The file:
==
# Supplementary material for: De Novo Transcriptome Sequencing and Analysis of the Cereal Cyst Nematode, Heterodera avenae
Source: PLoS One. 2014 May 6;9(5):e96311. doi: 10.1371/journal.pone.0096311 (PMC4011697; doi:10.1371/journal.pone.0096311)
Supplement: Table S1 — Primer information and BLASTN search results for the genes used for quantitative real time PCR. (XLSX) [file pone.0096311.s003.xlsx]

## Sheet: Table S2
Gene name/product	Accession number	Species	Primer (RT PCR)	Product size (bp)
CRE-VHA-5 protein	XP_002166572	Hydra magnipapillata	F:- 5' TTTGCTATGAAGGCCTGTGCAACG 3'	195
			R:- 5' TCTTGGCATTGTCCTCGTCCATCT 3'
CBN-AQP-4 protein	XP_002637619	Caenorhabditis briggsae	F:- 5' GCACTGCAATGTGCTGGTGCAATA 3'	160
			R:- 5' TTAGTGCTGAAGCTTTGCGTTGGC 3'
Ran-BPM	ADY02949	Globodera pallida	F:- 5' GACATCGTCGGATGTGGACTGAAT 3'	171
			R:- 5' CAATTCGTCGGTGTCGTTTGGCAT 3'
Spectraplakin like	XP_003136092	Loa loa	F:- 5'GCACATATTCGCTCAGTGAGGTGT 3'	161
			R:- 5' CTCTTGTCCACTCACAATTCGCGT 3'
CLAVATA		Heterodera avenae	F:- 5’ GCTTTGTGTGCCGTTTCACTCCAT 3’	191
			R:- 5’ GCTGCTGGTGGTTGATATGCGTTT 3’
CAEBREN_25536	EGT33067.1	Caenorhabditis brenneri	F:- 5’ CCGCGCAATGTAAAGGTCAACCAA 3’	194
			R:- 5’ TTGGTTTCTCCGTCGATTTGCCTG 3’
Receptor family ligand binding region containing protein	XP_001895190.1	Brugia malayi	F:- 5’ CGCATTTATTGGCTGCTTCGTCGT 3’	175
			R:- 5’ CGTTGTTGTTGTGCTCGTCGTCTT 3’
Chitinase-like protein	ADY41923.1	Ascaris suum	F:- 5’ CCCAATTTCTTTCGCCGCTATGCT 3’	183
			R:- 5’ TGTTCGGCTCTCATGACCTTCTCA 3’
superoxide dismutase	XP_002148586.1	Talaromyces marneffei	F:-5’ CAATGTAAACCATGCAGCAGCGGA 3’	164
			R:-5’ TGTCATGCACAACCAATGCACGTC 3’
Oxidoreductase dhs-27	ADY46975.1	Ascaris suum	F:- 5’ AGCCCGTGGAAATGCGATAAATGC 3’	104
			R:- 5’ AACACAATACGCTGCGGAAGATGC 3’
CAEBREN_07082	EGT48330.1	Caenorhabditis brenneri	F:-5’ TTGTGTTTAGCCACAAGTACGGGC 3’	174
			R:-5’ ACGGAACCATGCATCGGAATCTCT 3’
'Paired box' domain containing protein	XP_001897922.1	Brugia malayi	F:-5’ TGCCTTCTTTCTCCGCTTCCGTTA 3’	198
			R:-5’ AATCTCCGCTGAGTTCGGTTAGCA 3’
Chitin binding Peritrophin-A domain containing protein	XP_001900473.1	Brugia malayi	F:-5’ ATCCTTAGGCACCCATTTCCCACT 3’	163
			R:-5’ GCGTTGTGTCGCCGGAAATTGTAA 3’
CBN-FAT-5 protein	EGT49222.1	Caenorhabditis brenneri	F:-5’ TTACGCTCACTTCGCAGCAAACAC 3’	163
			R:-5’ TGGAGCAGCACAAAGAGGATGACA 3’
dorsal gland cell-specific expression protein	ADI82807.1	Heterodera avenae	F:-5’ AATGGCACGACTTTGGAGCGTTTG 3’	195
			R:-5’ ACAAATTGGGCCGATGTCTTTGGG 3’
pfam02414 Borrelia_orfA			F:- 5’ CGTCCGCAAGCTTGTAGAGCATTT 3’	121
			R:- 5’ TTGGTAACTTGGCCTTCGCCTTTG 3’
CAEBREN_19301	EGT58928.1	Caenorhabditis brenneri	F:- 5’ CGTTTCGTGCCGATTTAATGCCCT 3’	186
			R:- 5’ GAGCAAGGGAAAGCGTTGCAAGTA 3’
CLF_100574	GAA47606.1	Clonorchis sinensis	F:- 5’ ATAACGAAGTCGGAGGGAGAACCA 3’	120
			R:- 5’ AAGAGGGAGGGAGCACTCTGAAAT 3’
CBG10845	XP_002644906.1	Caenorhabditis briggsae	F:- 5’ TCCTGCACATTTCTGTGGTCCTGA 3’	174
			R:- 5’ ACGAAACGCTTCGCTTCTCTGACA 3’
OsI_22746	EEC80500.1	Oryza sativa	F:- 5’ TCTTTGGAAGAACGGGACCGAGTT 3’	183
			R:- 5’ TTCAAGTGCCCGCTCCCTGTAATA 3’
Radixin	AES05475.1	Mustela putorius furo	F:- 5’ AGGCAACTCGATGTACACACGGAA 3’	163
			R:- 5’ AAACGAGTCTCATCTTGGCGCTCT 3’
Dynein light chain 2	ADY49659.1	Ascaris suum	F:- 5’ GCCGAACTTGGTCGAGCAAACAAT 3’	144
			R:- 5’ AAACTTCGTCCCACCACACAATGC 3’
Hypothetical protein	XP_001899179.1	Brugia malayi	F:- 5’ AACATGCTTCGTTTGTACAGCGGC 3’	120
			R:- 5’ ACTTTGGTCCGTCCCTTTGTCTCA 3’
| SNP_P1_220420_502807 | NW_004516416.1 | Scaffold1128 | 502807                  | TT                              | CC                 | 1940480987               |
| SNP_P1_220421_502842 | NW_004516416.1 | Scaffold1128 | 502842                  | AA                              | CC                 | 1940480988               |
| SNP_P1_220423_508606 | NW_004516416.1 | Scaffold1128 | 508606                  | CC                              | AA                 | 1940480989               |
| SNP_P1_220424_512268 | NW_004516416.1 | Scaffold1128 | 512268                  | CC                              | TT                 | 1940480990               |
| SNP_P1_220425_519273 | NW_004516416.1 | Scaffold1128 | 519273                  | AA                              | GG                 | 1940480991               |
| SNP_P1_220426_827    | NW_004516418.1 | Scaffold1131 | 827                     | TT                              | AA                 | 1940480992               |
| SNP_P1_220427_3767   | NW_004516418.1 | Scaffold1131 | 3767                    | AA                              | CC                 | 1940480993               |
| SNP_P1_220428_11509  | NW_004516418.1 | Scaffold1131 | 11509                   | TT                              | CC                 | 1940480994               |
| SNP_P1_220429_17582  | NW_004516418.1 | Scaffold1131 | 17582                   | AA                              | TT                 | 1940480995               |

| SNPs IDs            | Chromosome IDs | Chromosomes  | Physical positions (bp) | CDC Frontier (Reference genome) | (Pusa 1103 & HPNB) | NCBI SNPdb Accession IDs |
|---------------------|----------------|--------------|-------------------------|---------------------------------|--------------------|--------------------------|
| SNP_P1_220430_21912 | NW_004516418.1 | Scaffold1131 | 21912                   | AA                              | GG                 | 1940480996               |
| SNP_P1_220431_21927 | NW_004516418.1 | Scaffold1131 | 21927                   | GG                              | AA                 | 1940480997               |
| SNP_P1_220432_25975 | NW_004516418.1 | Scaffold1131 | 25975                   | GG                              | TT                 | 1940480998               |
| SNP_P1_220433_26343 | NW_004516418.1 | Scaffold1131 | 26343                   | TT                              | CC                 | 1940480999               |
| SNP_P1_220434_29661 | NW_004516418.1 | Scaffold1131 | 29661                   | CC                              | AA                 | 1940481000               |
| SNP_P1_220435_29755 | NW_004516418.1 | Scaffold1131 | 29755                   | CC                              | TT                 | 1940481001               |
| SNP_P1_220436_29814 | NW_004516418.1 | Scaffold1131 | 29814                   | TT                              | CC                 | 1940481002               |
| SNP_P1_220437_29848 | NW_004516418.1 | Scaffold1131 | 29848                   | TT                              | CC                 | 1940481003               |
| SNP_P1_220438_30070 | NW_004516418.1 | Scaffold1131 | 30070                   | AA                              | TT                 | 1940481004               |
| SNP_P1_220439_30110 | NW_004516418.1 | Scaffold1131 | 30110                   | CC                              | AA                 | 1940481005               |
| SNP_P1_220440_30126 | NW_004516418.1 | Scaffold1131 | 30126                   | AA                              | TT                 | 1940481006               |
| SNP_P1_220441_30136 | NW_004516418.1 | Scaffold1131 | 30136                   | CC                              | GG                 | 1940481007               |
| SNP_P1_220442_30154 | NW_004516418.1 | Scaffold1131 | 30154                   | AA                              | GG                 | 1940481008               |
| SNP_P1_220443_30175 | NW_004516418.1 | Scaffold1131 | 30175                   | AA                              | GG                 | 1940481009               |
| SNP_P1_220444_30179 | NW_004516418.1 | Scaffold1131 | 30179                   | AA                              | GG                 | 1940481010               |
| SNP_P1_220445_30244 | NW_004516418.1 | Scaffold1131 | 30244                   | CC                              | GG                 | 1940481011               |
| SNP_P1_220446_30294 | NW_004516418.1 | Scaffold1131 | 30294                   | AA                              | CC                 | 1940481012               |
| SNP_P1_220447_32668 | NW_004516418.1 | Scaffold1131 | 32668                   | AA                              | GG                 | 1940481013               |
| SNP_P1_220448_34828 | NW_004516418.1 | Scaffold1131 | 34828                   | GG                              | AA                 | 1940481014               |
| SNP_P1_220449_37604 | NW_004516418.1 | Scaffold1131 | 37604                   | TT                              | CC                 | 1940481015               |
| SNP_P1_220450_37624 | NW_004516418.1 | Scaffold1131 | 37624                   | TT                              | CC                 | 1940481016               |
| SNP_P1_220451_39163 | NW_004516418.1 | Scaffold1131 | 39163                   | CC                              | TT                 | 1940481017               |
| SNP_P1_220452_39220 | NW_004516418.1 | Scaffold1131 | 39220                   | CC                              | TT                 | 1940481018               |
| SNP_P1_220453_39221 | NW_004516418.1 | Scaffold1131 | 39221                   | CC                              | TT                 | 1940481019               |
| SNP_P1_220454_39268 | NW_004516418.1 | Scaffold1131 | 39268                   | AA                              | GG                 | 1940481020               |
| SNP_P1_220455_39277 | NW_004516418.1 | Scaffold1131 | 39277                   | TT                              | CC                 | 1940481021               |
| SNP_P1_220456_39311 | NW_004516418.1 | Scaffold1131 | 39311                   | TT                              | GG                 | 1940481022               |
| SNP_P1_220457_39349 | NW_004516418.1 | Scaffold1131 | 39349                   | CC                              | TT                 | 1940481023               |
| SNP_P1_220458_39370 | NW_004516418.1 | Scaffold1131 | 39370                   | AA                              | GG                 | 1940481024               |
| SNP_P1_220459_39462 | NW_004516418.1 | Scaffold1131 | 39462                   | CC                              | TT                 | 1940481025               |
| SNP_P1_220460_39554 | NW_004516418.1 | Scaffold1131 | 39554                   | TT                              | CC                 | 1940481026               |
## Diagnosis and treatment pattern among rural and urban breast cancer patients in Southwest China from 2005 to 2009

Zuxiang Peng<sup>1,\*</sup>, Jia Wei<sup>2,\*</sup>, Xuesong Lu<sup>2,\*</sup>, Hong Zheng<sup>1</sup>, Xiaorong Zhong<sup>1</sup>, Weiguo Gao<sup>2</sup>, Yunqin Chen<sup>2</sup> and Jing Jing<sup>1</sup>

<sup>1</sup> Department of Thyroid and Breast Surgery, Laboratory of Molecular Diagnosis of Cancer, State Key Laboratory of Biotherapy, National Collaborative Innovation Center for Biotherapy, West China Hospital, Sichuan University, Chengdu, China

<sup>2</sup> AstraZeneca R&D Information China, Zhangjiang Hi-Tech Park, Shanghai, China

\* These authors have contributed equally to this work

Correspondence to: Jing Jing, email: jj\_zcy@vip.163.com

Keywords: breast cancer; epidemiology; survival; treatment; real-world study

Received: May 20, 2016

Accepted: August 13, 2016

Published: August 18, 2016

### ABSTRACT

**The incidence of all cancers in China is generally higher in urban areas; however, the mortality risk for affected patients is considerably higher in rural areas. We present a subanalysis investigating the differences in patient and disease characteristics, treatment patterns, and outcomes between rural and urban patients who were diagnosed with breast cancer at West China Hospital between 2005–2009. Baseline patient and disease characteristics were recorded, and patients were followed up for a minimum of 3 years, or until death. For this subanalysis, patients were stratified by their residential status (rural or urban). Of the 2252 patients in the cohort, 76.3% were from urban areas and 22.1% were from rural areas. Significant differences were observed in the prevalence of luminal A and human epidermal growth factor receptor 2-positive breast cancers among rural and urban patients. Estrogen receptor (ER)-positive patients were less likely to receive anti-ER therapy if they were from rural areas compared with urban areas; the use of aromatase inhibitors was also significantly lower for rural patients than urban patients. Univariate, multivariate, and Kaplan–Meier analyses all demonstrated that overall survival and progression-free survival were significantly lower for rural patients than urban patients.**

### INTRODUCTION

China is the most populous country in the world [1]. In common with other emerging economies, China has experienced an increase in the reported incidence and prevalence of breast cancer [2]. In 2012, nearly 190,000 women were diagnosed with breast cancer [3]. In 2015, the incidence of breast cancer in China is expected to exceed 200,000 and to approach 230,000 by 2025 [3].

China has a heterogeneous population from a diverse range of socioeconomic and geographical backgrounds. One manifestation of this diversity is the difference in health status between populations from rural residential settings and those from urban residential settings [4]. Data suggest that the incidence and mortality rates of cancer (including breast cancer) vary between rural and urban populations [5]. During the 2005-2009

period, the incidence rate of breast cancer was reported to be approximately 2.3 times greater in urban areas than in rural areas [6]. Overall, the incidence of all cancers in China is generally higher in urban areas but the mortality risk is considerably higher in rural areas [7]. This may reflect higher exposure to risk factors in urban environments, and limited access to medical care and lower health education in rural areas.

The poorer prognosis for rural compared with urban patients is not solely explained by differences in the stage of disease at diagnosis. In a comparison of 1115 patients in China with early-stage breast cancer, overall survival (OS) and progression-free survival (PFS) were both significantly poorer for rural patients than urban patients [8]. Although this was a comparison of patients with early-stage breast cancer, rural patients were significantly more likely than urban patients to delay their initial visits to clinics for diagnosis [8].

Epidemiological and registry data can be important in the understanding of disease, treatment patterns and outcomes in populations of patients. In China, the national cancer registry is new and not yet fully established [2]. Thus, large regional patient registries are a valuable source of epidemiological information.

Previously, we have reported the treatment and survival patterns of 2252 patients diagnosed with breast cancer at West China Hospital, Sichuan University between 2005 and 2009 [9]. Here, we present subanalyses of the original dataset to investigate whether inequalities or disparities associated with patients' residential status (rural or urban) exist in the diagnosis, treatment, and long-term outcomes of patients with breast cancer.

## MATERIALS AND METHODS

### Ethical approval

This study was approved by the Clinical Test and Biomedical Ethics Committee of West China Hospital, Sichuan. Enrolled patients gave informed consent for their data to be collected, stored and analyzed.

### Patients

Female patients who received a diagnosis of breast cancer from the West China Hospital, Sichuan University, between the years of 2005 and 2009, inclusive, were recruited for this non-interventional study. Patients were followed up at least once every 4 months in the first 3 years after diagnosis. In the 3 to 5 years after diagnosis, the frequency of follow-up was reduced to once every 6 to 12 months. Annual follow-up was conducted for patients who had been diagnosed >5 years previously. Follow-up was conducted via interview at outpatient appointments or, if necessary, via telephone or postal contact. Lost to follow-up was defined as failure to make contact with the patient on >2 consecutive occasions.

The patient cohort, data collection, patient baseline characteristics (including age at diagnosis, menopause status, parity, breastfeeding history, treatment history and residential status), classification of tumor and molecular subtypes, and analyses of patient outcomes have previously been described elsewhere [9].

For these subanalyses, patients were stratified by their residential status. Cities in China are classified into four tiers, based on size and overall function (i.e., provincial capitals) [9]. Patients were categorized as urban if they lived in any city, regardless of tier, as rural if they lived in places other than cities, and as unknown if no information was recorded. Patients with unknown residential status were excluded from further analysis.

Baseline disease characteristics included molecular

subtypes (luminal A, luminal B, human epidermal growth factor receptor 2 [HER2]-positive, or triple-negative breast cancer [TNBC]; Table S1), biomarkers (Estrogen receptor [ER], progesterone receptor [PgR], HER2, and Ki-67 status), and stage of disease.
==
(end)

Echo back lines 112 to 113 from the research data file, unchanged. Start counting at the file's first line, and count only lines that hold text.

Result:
Previously, we have reported the treatment and survival patterns of 2252 patients diagnosed with breast cancer at West China Hospital, Sichuan University between 2005 and 2009 [9]. Here, we present subanalyses of the original dataset to investigate whether inequalities or disparities associated with patients' residential status (rural or urban) exist in the diagnosis, treatment, and long-term outcomes of patients with breast cancer.

## MATERIALS AND METHODS